Reduced-fat milk refers to milk that has 2 percent of its fat from milk fat, skim milk often has the words “fat-free” on its label and dairy manufacturers can refer to 1 percent milk as “low-fat,” according to U.S. Department of Agriculture guidelines. Understanding how the calories and fat in the milk you choose to drink can impact your health and weight may make a difference in whether you include reduced-fat milk into your diet.

Calories and Fat

A cup of reduced-fat milk, or 2 percent milk, has 122 calories. The milk contains 4.83 grams of fat, which accounts for about 35.6 percent of the total calories. While your body needs healthy monounsaturated and polyunsaturated fats, more than 3 grams of the fat in 1 cup of reduced-fat milk come from unhealthy saturated fat. The American Heart Association advises adults to consume no more than 7 percent of their calories from saturated fat, as this type of fat raises your risk of cardiovascular disease.

Calcium and Protein

Men need 56 grams of protein, and women need 46 grams of protein each day. A cup of reduced-fat milk gives you 8.1 grams of protein, or between 14 and 18 percent of your day’s requirements. Protein in milk or other foods helps you build and sustain muscle development, and provides energy. Both men and women need about 1,000 milligrams of calcium a day before their 51st birthday, and after 51, calcium needs increase to 1,200 milligrams. Drinking 1 cup of milk provides you with 293 milligrams of calcium.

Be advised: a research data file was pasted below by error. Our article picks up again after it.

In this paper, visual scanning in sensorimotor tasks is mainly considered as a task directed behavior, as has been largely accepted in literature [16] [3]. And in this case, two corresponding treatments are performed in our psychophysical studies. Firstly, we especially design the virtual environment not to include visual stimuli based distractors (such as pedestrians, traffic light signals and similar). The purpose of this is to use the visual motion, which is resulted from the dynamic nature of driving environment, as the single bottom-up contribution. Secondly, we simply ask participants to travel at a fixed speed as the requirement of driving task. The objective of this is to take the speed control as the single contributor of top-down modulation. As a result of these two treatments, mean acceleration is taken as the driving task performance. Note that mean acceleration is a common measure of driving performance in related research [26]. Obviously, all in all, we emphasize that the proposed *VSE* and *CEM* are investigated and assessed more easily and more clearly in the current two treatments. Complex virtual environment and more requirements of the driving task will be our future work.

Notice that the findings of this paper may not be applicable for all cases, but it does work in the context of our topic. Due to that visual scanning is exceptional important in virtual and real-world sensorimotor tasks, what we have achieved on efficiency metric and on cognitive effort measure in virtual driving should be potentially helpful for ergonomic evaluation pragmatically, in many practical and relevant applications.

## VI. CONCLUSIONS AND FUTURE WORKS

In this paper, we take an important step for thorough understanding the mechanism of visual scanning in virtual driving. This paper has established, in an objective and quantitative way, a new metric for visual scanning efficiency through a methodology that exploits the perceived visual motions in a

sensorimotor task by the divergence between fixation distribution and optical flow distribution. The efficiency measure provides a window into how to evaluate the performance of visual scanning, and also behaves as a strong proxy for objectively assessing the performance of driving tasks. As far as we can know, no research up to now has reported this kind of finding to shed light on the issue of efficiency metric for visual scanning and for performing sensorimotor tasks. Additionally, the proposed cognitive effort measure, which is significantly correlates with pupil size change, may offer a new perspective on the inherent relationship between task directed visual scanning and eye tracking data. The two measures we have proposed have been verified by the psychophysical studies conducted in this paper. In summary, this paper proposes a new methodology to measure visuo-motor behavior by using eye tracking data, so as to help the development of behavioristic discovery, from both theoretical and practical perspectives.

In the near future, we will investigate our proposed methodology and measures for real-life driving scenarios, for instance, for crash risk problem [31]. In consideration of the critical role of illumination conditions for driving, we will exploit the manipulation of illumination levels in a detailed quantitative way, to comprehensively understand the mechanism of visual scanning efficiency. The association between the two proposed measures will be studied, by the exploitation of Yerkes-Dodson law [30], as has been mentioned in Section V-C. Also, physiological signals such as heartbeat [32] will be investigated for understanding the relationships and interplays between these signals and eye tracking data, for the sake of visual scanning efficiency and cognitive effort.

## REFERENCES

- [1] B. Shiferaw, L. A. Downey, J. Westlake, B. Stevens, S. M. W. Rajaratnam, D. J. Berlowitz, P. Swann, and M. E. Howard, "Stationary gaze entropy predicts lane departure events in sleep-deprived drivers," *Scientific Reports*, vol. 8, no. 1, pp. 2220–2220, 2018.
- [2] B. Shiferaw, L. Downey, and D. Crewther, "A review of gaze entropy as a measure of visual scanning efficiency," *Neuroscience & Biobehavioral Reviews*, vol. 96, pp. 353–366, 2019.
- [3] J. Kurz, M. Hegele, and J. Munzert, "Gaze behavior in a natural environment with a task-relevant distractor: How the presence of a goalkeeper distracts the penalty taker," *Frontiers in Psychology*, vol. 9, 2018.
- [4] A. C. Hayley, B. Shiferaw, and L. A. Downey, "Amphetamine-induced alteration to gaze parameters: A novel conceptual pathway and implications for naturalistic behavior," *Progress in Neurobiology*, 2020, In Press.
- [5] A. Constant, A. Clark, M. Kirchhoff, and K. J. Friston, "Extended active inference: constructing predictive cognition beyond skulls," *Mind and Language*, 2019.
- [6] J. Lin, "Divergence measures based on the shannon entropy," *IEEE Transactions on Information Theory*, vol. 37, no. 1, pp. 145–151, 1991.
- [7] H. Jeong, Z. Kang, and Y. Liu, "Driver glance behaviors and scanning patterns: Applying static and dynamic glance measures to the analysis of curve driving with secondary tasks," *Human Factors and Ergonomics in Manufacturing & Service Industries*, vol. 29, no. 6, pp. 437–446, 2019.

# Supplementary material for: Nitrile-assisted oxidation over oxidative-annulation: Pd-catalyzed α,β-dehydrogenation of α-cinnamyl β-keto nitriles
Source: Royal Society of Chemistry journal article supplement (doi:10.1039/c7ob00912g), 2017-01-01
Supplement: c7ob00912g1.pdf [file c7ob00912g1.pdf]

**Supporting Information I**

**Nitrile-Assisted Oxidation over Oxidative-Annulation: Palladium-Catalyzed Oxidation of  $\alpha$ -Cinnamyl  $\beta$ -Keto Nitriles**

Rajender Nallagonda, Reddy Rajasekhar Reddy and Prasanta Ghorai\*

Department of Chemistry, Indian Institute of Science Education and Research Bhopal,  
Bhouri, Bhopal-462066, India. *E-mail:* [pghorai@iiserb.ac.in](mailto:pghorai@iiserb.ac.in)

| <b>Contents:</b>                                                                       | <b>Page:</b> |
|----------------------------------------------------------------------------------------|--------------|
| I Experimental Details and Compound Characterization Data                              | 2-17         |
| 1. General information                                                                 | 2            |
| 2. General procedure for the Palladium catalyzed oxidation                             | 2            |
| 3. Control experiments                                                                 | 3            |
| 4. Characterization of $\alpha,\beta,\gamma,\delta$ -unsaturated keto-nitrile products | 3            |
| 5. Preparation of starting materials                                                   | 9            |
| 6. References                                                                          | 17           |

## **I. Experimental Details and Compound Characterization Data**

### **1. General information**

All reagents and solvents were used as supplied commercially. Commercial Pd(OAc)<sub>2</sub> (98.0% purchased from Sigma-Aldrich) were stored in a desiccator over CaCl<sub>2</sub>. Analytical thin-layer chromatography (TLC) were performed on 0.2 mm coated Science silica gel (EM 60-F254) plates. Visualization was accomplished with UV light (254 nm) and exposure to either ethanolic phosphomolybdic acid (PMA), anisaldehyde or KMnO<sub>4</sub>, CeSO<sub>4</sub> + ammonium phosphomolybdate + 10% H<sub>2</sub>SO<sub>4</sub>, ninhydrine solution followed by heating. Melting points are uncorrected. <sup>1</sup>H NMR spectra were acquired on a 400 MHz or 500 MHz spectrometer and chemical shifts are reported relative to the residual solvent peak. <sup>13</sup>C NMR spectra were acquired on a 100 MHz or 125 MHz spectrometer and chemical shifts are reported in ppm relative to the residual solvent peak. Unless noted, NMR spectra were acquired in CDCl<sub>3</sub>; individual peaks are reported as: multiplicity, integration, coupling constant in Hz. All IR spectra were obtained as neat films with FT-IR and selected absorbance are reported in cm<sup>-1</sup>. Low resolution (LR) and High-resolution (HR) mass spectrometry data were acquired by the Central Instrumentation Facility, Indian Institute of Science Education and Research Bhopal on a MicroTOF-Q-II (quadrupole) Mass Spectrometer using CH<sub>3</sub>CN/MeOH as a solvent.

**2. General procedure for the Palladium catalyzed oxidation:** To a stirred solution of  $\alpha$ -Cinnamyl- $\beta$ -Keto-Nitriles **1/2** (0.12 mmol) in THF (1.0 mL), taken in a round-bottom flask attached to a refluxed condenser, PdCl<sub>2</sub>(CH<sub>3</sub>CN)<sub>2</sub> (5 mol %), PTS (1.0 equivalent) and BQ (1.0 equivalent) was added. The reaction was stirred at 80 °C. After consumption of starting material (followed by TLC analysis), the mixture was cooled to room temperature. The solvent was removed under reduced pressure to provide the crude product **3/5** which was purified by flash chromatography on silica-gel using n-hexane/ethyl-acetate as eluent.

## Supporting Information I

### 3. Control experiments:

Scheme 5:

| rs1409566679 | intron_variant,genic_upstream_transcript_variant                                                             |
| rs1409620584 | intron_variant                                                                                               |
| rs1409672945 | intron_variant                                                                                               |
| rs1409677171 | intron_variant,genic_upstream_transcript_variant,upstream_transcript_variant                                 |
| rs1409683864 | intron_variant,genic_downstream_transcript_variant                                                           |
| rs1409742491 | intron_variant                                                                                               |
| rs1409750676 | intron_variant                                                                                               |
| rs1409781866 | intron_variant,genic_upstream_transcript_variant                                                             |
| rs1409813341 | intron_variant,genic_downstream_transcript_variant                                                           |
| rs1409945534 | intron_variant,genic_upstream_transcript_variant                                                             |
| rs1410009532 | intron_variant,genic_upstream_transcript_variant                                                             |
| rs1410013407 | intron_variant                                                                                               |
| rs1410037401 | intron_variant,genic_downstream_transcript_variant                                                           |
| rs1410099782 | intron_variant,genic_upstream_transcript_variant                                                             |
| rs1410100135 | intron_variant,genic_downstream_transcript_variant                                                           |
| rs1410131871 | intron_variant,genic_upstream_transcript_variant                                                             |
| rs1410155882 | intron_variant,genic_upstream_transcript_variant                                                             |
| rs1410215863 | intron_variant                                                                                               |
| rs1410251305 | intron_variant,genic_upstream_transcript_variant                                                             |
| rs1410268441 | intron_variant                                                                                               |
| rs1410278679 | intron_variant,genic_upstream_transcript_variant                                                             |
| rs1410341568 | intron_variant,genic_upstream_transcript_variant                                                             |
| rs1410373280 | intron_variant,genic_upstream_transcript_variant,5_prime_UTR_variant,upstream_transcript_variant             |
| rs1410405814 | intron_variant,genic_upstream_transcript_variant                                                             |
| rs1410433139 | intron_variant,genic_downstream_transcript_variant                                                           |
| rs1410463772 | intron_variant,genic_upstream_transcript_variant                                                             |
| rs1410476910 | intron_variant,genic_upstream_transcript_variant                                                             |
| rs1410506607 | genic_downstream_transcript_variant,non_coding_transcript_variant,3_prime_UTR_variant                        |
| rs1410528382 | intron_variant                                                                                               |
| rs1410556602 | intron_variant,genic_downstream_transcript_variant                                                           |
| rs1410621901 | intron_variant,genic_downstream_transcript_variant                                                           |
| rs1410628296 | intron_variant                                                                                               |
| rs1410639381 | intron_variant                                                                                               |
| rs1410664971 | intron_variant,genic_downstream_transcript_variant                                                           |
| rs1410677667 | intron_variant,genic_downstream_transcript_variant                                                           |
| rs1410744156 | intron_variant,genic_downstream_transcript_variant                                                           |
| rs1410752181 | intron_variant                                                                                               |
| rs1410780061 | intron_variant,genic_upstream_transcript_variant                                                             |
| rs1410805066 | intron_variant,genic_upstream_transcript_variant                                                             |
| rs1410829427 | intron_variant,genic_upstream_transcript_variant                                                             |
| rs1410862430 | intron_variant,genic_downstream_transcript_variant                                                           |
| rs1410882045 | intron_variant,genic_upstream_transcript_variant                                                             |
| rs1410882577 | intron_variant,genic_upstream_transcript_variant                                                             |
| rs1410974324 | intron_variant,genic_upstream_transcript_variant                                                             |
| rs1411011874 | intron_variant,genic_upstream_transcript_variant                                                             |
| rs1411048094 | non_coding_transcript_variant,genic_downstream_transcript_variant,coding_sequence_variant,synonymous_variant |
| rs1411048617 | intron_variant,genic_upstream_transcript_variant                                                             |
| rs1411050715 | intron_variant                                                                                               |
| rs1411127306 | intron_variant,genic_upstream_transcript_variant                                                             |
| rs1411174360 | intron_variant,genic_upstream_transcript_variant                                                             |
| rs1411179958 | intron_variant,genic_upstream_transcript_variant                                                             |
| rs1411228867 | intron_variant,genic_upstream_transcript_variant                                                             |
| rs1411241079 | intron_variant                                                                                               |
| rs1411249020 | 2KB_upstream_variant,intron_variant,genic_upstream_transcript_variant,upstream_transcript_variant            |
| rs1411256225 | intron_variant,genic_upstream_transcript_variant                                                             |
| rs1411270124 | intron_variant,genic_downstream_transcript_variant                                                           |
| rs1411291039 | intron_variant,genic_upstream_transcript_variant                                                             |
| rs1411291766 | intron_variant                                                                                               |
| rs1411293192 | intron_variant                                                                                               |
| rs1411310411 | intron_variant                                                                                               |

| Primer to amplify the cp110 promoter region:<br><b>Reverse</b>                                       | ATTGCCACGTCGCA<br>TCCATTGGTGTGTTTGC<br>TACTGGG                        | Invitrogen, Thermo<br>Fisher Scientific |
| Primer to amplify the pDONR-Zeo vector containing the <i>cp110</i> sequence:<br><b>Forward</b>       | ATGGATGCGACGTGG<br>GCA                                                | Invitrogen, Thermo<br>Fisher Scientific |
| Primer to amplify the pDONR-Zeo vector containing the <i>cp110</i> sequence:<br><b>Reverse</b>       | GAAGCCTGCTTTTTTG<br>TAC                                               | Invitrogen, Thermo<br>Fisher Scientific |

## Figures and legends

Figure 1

Vitamin D

Milk sold commercially in the U.S. is generally fortified with vitamin D. Vitamin D, found in just a few foods, helps your body absorb calcium and helps promote bone strength. Additionally, adequate amounts of vitamin D can help your immune system. Adults need 15 micrograms of vitamin D each day. A cup of reduced-fat milk provides you with 2.9 micrograms, or 19 percent of your daily requirement.

Other Nutrients

Reduced-fat milk has more nutrients than just calcium, protein and vitamin D. The milk has 134 micrograms of vitamin A, which is about 17 percent of your daily requirement. If you are watching your cholesterol intake, a cup of milk contains 20 milligrams of cholesterol. The American Heart Association advises limiting your cholesterol intake to 200 milligrams a day, if your doctor tells you that you have high cholesterol, or if you have diagnosed heart disease. Reduced-fat milk also contains some of the B vitamins, including 1.3 micrograms of vitamin B-12.